Commercial acceptance bills are one of the most widely adopted methods of settlement in commercial businesses, most primarily characterised by their “non-causal” nature – which means that although a bill relationship must be formed on the basis of certain underlying relationship, once formed it is separate and independent from the underlying relationship out of which the bill was created or transferred.
The non-causal nature of commercial acceptance bills grants them abundant negotiability, ideal for the volume and efficiency of commercial activities.
However, whether the non-causal nature should be deemed a “magic weapon”, allowing bill bearers to seek recourse from prior bearers in bill disputes, is a matter that warrants further deliberation.
ACTION AND RECOURSE
With a number of large enterprises experiencing financial difficulties in recent years, commercial acceptance bill disputes caused by the drawer or acceptor refusing payment have drastically increased.
According to the Negotiable Instruments Law, bill bearers have the rights to claim payment according to the amount of the bill, including the right of claim and the right of recourse. In many bill disputes, bearers whose claim for payment was refused filed lawsuits against prior bearers on the grounds that “bills are non-causal, and bearers have the right of recourse”.
Nonetheless, in many bill disputes there is suspected unlawful bill trading, or in other cases, commercial factoring companies or micro-loan companies seeking recourse as bill bearers. Other criminal activities involving violation of financial regulations and illegal businesses have also reared their heads in bill disputes, making recourse in commercial acceptance bills a key area for criminal, administrative and civil offences.
Based on analysis of such cases, the author believes that the non-causal nature of commercial acceptance bills should not be regarded as a failsafe “magic weapon” in all bill disputes, as non-causality must be premised by the lawful obtaining of the bill. Bearers only have the corresponding rights arising from legally obtained bills.
Article 10 of the Negotiable Instrument Law provides that, “the draft, acquisition and transfer of a negotiable instrument shall follow the principle of authenticity and creditability, and be treated as a real act of trading or debt payment. A negotiable instrument shall be acquired against a corresponding price, that is, the price acknowledged by both parties to a negotiable instrument.”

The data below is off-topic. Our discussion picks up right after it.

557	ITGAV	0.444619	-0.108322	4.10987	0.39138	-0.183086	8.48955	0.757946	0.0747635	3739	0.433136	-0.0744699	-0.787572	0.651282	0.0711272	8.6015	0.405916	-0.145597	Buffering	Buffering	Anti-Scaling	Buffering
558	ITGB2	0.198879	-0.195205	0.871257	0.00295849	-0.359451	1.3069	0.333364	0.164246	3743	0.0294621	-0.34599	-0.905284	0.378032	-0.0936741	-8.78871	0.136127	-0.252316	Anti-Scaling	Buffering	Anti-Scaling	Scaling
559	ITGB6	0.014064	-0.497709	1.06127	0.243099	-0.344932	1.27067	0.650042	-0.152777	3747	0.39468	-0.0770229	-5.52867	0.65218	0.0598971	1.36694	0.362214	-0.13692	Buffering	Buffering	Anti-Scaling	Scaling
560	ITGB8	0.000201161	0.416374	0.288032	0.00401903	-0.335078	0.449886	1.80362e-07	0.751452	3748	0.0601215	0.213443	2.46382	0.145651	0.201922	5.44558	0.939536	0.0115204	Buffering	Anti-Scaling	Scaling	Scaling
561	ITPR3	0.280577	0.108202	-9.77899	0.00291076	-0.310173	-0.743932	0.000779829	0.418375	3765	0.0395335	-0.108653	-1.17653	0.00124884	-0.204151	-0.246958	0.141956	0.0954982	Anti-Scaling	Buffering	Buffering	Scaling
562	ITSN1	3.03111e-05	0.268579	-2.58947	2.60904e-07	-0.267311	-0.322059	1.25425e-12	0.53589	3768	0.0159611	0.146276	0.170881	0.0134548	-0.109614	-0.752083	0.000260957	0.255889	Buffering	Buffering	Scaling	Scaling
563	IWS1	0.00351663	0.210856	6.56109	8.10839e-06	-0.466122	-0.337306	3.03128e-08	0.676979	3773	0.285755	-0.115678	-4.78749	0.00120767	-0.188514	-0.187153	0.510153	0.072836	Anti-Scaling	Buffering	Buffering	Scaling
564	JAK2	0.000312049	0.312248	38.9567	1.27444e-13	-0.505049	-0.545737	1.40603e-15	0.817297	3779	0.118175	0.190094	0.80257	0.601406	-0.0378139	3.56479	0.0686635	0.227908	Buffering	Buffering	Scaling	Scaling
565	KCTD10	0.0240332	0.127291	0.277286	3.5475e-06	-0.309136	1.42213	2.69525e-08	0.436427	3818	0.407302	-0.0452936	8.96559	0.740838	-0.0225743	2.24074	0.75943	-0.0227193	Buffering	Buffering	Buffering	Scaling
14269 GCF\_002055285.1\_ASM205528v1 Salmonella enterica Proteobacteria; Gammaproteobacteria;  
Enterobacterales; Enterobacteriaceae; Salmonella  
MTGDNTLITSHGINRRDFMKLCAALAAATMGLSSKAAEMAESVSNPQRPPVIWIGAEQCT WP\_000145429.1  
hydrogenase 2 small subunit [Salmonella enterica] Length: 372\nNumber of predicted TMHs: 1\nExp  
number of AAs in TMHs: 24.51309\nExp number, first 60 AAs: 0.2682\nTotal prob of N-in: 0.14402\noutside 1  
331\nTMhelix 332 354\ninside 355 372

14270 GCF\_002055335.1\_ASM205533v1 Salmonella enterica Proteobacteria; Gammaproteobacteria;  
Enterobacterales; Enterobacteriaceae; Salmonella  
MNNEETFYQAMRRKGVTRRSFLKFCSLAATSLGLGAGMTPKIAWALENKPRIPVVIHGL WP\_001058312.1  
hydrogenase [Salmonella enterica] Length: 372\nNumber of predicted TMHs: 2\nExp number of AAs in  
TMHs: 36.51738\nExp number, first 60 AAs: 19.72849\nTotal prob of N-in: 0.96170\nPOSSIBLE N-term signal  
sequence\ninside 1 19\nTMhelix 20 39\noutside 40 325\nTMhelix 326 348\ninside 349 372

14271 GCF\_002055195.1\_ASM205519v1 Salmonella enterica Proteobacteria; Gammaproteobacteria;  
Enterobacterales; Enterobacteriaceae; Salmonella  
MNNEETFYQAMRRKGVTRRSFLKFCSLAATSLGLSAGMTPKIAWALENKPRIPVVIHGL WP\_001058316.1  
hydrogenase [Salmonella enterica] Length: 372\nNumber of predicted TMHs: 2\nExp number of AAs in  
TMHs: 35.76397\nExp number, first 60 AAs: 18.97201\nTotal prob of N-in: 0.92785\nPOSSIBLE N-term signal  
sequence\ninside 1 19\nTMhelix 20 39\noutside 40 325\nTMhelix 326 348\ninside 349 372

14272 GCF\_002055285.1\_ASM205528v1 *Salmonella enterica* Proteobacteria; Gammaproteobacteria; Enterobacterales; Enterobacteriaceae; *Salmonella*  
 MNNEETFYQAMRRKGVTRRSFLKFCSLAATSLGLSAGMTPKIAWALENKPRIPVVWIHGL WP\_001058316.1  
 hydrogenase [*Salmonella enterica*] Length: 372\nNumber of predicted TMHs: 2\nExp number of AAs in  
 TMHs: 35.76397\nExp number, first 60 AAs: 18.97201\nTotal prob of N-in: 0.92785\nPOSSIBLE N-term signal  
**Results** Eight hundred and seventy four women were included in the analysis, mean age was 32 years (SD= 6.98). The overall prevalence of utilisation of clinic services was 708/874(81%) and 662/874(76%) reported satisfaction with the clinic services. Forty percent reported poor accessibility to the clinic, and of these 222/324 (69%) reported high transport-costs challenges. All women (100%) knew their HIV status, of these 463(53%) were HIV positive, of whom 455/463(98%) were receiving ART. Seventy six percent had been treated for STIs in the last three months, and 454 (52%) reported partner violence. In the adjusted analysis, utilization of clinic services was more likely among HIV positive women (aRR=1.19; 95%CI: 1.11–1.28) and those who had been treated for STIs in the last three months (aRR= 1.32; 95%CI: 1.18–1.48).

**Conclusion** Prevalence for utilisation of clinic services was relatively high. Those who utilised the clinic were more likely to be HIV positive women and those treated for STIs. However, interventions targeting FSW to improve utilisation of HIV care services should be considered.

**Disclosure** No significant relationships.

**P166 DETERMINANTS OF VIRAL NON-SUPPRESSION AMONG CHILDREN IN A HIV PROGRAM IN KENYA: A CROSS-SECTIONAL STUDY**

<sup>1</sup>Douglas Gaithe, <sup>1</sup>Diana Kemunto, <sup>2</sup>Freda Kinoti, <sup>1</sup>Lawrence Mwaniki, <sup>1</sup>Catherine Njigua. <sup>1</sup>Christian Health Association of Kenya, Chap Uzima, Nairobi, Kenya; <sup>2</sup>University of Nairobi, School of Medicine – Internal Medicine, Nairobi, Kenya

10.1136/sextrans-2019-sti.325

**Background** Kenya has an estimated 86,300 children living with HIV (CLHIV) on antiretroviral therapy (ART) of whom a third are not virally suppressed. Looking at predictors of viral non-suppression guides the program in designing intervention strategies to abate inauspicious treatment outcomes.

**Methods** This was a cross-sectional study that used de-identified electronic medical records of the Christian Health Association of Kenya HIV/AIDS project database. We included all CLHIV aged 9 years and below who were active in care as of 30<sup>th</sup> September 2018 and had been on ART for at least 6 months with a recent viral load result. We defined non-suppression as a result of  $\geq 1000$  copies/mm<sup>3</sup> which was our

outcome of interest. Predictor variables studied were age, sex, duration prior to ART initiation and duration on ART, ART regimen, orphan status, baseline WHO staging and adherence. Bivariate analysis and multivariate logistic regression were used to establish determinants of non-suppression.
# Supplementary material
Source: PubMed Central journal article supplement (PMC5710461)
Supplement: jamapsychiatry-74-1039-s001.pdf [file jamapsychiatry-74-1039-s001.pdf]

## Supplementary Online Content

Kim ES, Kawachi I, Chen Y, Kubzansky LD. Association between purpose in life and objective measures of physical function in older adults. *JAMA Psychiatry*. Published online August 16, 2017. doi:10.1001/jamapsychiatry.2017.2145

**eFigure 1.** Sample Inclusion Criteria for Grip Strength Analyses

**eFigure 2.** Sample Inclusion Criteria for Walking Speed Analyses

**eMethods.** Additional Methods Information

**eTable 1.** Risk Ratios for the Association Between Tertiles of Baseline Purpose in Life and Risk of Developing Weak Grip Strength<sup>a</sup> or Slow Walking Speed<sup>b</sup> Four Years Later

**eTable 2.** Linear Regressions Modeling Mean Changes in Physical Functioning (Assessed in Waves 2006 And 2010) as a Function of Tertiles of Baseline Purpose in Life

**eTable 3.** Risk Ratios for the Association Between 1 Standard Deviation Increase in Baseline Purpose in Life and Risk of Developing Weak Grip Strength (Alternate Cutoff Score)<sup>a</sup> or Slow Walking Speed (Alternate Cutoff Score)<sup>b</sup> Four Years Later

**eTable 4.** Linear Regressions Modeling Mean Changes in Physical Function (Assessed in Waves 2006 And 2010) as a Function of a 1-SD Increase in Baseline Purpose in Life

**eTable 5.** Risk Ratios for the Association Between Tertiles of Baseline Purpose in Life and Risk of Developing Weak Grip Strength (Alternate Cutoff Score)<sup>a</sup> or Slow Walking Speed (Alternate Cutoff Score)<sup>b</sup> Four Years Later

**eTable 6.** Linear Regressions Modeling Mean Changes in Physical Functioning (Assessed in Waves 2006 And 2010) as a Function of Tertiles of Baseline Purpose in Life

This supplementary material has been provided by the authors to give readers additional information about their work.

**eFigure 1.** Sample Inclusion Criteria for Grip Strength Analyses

When handling disputes over commercial acceptance bills, attention should be diverted to the legality in the process of circulation, and the manner with which the bearer acquired the bill. As noted in articles 12 and 14 of the Negotiable Instrument Law, malice and gross negligence in the draft or transfer of an instrument is easily detectable.
But in practice many illegal circulation activities are well concealed and imperceptible, such as a commercial factoring company acquiring the bills via a non-existent factoring relationship, or concealed bill trading. For such cases, focus should be given to whether the bill transaction was conducted on lawful basis, whether the bearer acquired the bill legally, and whether the bearer is the legitimate right holder, or a holder in due course, which can form the basis for a debtor’s defence against the bearer.
Under article 9 of the Provisions of the Supreme People’s Court on Several Issues concerning the Hearing of Bill Disputes, “Where the bill debtor mounts a defense against the bill bearer with whom he/she has a direct creditor-debtor relationship in accordance with article 13 of the Negotiable Instrument Law, and the bill and underlying relationships are reviewed by a court, the bearer should provide evidence that obligations have been fulfilled as agreed”.
Article 13 of the provisions set out that “where the bill debtor mounts a defence against the bill bearer in accordance with articles 12 and 13 of the Negotiable Instrument Law, the court should support the defence on the following grounds: (1) the bearer has a direct creditor-debtor relationship with the bill debtor but failed to fulfill its obligations; (2) the bill was acquired through fraud, theft or coercion, or was acquired out of malice knowing that the preceding situation existed; (3) the bill was acquired with the knowledge that a defence existed between the debtor and drawer, or between the bearer and prior bearer; (4) the bill was acquired out of gross negligence; and (5) other circumstances where the bearer legally does not have the rights to the bill.”
Article 9 of the Minutes of the National Courts’ Civil and Commercial Trial Work Conference expressly sets out that “when hearing disputes over negotiable instruments, courts should pay attention to the type and function of the instrument, have an accurate understanding of the legislative purpose of the non-causality of bills, and determine the legality of bill activities while upholding negotiability, as well as the rights, obligations of, and relationship between the parties, in order to prevent or mitigate risks in the bill financing market, and safeguard the legitimate bill transactions”.
Negotiability is the source of the bill’s vitality. To ensure a safe and fair commercial environment and protect the legitimate rights of bill debtors, disputes over commercial acceptance bills should not be arbitrarily decided based on the simple premise of the “non-causal nature of bills”. Instead, the causality of bills must also be considered, especially whether the bearer acquired the bill in a lawful, compliant manner.
Zhao Dongxu is a partner at Leaqual Law Firm
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